Once you've created your simulation, all that is left to do is to go into Advanced Audio and delete all the audio tracks that were recorded (which would be blank or just a poor recording of what you were listening to). Then import your recorded narration to slide one and select retain current slide timing.

You may need some slight tweaks depending on how good your video timing was but most things should line up great for you. Hope this helps, and feel free to share any other practices you use that work!

Wednesday, July 29, 2009

Remove a Flash Movie Clip from the stage AS2

Just some pure flash geekery:

Ok, so removeMovieClip() only works for dynamically created movieclips, but what if you have a bizarre scenario where you want to trash a clip that was created during development?

Easy as pie:

Assuming "myMovie" is what you want deleted:


Tuesday, July 28, 2009

Dude, where's my elearning posts?

Apologies for dissapearing, I know it's not been that long, but in the blog world not posting in a couple days likely means you're dead.

I've been rocking some awesome food poisoning, so I guess if I can offer any words of wisdom with this post it's don't eat breakfast sandwiches that don't look right, apparently it doesn't matter how much ketchup you throw on that thing, it will still make you sick.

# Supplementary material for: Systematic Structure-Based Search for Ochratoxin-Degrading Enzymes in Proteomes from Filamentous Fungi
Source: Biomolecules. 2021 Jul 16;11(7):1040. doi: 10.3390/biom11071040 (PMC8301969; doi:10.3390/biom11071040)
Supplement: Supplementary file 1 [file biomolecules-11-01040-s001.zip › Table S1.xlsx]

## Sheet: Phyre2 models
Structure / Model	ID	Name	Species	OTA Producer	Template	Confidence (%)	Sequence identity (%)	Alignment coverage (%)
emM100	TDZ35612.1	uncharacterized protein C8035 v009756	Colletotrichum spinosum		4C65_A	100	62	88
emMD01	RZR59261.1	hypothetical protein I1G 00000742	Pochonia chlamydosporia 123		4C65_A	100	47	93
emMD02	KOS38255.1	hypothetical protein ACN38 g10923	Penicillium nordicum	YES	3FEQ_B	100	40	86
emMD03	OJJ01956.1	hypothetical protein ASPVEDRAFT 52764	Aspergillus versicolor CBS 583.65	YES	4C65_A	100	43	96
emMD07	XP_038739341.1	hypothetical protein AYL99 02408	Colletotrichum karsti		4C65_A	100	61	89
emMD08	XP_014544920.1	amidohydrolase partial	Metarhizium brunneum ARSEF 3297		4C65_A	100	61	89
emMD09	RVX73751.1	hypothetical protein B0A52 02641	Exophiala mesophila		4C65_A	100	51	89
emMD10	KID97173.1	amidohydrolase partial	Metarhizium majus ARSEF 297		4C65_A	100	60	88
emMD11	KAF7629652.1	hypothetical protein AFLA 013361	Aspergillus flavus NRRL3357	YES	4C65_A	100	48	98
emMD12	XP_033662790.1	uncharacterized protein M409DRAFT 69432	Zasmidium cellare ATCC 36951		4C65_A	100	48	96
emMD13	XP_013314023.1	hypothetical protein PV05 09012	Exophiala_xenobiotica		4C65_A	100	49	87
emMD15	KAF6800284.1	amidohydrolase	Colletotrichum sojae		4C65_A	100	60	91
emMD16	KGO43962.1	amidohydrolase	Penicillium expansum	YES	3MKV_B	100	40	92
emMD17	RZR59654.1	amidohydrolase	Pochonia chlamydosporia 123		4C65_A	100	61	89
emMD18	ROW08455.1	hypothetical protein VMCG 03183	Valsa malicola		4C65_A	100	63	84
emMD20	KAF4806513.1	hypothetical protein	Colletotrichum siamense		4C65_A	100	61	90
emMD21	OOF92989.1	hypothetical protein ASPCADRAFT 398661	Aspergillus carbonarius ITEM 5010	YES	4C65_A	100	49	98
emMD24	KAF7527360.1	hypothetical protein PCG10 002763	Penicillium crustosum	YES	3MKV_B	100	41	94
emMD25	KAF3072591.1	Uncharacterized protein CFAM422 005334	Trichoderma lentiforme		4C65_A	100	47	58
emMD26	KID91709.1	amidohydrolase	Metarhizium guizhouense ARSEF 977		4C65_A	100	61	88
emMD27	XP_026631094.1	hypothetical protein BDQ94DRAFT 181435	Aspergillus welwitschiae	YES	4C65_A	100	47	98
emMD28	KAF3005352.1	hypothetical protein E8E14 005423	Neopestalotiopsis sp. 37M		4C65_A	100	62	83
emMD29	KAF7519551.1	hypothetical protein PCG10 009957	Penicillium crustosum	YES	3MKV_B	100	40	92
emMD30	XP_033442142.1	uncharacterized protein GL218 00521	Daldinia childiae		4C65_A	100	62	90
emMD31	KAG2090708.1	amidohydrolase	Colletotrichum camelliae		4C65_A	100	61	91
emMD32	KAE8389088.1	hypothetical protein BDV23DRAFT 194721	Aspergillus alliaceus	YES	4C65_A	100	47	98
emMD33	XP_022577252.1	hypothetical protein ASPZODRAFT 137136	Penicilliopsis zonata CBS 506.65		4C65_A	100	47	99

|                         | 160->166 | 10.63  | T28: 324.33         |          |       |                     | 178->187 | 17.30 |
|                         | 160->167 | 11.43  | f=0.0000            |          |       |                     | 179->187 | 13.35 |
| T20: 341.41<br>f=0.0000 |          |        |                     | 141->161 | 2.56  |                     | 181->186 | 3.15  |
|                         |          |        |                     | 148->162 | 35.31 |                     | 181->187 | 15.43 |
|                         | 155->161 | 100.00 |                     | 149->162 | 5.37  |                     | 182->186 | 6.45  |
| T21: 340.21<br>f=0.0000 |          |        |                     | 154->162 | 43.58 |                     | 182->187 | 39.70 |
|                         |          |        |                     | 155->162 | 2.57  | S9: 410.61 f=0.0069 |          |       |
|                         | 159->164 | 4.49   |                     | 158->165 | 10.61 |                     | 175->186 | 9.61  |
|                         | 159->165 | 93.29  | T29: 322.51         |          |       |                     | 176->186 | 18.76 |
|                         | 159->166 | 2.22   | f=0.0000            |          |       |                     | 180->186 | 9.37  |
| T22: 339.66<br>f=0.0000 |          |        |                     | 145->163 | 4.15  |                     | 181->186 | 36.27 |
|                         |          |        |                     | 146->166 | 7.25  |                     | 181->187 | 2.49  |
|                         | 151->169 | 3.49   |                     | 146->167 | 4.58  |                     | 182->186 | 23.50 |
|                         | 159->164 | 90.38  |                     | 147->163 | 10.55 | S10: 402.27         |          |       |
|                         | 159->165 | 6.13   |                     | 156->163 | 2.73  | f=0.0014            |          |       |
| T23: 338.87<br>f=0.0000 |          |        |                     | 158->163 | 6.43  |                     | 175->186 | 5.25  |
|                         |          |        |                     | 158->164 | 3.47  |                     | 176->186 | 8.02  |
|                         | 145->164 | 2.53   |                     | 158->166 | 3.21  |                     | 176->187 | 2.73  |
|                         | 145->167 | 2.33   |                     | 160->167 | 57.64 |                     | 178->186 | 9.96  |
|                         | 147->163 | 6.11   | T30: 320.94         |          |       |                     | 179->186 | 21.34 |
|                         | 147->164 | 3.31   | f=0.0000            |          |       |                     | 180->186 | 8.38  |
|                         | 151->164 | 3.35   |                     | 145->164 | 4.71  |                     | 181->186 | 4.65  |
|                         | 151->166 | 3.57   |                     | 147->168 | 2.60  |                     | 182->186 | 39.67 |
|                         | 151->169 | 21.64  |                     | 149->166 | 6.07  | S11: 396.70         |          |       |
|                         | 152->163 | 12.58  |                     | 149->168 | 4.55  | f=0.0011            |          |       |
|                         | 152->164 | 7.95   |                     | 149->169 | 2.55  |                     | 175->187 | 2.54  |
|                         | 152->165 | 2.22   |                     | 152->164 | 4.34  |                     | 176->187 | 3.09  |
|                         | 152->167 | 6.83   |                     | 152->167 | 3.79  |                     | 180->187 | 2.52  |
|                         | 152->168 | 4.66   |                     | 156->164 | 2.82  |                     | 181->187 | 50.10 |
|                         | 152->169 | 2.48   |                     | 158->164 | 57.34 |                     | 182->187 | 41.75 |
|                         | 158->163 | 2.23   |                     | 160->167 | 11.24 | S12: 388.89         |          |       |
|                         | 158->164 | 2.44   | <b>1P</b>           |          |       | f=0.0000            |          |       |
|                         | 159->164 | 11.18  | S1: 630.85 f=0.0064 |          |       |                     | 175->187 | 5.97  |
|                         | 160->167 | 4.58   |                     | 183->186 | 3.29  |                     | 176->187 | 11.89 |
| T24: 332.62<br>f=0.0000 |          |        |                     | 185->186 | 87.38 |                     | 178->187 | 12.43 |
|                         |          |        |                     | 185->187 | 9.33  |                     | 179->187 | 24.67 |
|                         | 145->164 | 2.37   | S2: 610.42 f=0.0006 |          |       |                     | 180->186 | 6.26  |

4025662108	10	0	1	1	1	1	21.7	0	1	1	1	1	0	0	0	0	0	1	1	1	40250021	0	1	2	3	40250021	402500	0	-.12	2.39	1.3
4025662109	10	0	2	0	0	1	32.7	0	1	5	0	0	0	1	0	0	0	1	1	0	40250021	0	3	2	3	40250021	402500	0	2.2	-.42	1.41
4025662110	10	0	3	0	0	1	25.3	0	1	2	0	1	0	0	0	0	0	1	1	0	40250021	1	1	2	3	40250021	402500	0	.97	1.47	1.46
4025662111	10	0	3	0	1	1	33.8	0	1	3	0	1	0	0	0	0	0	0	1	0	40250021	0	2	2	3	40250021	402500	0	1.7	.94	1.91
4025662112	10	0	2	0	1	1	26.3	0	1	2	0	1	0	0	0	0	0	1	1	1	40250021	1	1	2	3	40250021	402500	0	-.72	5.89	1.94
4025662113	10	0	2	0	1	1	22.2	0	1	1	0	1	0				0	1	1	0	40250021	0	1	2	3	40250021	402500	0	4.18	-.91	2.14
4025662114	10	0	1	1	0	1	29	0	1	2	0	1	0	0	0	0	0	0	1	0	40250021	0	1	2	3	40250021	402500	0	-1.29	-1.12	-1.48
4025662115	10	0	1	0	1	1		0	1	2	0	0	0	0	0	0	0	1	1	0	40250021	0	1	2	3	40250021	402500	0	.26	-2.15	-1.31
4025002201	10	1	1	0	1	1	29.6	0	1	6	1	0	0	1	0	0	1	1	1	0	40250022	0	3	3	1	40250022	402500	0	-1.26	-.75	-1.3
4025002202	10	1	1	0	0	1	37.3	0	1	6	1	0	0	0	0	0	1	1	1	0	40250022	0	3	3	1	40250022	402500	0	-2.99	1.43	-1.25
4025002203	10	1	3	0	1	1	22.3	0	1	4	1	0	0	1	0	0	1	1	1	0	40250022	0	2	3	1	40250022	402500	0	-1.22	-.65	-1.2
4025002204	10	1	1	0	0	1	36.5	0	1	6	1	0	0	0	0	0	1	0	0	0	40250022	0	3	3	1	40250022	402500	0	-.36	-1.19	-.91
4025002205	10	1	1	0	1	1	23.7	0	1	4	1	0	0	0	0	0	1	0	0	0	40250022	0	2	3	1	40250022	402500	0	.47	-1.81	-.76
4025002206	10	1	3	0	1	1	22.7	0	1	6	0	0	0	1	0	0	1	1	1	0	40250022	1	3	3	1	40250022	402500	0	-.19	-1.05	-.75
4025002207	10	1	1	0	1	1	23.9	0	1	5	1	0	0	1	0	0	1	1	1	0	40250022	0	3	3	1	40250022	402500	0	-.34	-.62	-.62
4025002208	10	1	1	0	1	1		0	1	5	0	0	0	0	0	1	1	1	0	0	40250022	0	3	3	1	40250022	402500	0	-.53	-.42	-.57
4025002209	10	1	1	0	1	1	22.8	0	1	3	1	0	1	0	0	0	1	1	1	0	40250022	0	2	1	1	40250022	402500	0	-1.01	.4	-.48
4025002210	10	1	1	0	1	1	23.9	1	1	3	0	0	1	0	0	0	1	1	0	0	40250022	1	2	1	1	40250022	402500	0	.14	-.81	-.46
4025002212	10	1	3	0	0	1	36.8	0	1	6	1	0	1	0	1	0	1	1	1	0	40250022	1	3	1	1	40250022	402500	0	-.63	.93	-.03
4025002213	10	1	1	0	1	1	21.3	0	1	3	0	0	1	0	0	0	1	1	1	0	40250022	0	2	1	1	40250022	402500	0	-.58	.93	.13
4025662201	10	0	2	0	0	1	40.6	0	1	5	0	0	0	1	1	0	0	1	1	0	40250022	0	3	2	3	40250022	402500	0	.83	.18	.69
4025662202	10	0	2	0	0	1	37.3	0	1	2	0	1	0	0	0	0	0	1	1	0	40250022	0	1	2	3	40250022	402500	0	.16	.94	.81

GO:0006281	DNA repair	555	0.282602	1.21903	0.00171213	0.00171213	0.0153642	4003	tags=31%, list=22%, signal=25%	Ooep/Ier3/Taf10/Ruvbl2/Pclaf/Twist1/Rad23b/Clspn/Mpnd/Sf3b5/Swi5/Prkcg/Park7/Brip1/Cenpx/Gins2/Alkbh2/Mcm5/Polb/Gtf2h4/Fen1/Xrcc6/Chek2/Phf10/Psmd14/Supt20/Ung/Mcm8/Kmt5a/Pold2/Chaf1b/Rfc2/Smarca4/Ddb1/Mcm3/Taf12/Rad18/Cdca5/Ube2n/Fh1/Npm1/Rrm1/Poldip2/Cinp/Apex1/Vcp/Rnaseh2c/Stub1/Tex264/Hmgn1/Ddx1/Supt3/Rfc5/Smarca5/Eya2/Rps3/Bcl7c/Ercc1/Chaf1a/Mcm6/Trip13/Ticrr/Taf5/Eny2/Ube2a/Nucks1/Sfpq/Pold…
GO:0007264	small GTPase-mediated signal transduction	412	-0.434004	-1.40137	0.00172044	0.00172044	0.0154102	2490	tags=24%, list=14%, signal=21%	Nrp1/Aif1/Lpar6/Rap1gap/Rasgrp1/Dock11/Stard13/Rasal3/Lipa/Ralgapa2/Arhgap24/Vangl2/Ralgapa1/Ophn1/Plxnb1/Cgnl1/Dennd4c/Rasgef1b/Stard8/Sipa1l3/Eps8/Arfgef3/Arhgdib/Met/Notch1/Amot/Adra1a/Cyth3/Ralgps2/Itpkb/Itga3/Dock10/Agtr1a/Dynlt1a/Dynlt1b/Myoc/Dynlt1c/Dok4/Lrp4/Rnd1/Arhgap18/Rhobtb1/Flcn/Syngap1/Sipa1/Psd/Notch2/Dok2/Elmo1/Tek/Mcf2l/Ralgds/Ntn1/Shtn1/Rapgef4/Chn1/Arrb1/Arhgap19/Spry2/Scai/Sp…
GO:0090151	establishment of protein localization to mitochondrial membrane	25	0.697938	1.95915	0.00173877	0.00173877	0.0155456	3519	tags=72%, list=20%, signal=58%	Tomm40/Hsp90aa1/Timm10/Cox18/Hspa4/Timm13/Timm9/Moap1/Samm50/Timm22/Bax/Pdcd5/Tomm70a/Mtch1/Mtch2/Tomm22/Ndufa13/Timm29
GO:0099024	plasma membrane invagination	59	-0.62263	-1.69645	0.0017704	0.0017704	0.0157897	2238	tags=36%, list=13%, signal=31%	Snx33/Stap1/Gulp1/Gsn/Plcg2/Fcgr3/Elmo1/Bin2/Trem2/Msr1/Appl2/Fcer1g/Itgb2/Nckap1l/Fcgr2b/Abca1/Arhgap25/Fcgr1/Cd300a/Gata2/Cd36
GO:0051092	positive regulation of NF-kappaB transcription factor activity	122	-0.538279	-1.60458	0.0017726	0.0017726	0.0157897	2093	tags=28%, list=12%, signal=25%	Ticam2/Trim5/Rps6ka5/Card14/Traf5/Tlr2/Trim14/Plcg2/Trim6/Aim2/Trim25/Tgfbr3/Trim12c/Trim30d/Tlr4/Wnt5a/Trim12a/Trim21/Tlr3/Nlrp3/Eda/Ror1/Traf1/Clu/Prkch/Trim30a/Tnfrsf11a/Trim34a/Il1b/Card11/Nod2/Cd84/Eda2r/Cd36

Anyways, here's something remotely learning based, but more just for fun. As a huge "Lost" fan, I learned about a new viral marketing campaign they have for the final season. It's called Lost University and one of the coolest parts about it is they seem to have imagined and created a fake Portal/LMS which actually looks pretty cool....I just hope Blackboard doesn't sue them....or buy them....I guess it's 50/50

Wednesday, July 22, 2009

How web direction should influence a new generation of Learning Management Systems

To me web pages/applications have been evolving as follows:

1. Initial web sites were static pages